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Royal Society calls for MOX plant to tackle plutonium waste

The UK should build a new plant to recycle its plutonium stockpile into mixed-oxide fuel, says a report by the Royal Society.

The report, published on 13 October, comes just over a month after the announcement that the UK’s MOX plant at Sellafield in Cumbria will close.

The report says that a MOX plant using new-generation thermal light-water reactors is the only technically proven and commercially viable technology that the UK could use to tackle its plutonium stockpile—which is the largest in the world at 112 tonnes.

It says that the large stockpile poses a “serious security risk” and undermines the UK’s credibility in non-proliferation debates.

“The government needs to seriously consider whether we wish to close off our future reprocessing options, which we stand to lose by default under the government’s current assumptions,” said Roger Cashmore, head of the Atomic Energy Authority and chairman of the Royal Society working group that compiled the report.

The report says that while several countries in the world are considering expanding their nuclear-power programmes in a “global nuclear renaissance”, the UK’s role in nuclear development has been declining for several decades.

To reverse this trend, it says, the government needs to set out its long-term ambitions for nuclear power and boost support for research infrastructure, including a long-term R&D roadmap.

It could also set up a Civil Nuclear Power Council—made up of representatives from government, agencies and industry—to be based in the Department for Energy and Climate Change.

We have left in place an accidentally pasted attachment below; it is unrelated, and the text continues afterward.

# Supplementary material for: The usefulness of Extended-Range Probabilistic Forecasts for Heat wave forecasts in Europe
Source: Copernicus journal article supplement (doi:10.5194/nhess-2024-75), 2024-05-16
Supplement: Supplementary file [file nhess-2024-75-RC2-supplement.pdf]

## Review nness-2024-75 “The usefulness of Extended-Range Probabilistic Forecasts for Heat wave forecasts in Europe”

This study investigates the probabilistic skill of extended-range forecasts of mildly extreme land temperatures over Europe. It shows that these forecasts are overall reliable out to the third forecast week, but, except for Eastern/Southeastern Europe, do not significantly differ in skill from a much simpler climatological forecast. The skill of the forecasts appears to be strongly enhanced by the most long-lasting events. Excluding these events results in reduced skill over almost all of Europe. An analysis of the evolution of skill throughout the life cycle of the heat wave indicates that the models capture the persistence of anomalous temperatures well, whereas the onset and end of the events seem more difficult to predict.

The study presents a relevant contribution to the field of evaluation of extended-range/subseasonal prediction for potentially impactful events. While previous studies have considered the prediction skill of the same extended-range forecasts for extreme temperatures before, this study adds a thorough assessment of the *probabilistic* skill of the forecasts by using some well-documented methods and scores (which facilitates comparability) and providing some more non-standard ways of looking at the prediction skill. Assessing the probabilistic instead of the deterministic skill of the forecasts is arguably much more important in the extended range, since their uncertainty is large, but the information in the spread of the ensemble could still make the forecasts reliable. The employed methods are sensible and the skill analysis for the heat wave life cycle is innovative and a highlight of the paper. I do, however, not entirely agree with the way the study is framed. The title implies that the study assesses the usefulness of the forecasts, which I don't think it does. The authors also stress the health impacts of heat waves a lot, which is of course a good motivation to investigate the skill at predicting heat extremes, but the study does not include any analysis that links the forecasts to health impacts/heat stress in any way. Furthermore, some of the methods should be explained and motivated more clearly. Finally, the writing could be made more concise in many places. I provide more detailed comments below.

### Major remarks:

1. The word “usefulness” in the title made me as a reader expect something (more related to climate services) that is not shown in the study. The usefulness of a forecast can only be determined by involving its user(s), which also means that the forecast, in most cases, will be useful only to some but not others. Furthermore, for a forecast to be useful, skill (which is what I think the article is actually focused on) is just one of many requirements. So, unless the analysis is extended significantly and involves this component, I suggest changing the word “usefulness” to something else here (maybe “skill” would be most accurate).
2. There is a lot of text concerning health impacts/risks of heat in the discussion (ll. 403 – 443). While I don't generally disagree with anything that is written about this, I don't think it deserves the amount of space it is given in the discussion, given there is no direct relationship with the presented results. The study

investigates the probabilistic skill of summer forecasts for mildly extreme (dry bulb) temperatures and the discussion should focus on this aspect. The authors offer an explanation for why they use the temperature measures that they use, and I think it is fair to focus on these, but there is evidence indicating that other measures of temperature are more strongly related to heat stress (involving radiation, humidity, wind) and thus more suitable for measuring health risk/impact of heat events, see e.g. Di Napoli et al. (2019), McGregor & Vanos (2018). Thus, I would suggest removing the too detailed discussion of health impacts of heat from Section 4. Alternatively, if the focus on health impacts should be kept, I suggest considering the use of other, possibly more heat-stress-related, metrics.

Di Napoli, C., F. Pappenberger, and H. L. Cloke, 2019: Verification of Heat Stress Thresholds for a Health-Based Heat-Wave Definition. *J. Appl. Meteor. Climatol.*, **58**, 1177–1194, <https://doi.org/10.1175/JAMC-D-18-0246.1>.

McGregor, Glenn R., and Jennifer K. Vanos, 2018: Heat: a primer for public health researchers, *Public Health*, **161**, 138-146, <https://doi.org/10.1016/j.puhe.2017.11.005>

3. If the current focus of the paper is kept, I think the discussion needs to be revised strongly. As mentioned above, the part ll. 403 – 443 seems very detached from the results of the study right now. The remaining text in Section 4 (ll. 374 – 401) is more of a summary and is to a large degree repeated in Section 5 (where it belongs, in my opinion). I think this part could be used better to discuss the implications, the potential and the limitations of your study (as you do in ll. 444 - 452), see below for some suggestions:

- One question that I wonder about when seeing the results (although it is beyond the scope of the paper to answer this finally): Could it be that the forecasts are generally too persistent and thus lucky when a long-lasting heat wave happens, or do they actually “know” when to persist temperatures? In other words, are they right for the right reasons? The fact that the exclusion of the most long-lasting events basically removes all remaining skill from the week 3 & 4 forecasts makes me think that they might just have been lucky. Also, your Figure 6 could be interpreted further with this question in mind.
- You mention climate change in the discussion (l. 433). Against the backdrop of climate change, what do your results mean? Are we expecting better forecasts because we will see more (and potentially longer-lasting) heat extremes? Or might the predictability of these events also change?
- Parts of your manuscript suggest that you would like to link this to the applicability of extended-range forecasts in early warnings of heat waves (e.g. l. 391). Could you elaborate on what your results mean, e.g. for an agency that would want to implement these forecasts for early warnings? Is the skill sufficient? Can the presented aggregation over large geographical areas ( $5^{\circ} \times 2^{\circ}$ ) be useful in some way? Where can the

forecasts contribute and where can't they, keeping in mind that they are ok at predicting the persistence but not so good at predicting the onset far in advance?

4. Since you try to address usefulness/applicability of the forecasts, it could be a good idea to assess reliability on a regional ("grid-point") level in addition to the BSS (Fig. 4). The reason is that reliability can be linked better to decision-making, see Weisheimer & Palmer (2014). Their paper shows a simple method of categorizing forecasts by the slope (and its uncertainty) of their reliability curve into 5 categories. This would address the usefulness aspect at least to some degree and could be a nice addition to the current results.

In addition, it says, it should be easier to share information between academia, government and industry, as well collaborating with national and international partners.

A way towards such a goal could be for the Foreign and Commonwealth Office to establish a Non-Proliferation and Nuclear Security Network chaired by the FCO’s chief scientific adviser.

The report estimates that there could be up to 10 new nuclear countries by 2030. Likely candidates include Egypt, Indonesia, Jordan, Kazakhstan, Kuwait, Lithuania, Malaysia, Nigeria, Philippines, Poland and Saudi Arabia.

The report recommends that all countries with nuclear weapons should separate their civil and military nuclear programmes. They should place their civil nuclear programmes under international safeguards run by the International Atomic Energy Agency to avoid the use of spent fuel for weapons.

“Fukushima has shown that we cannot be complacent about the safety of nuclear power. However, the same principle must apply to nuclear security and non-proliferation. Both governments and the nuclear industry need to seriously reassess their responsibilities in these areas,” added Cashmore in a statement.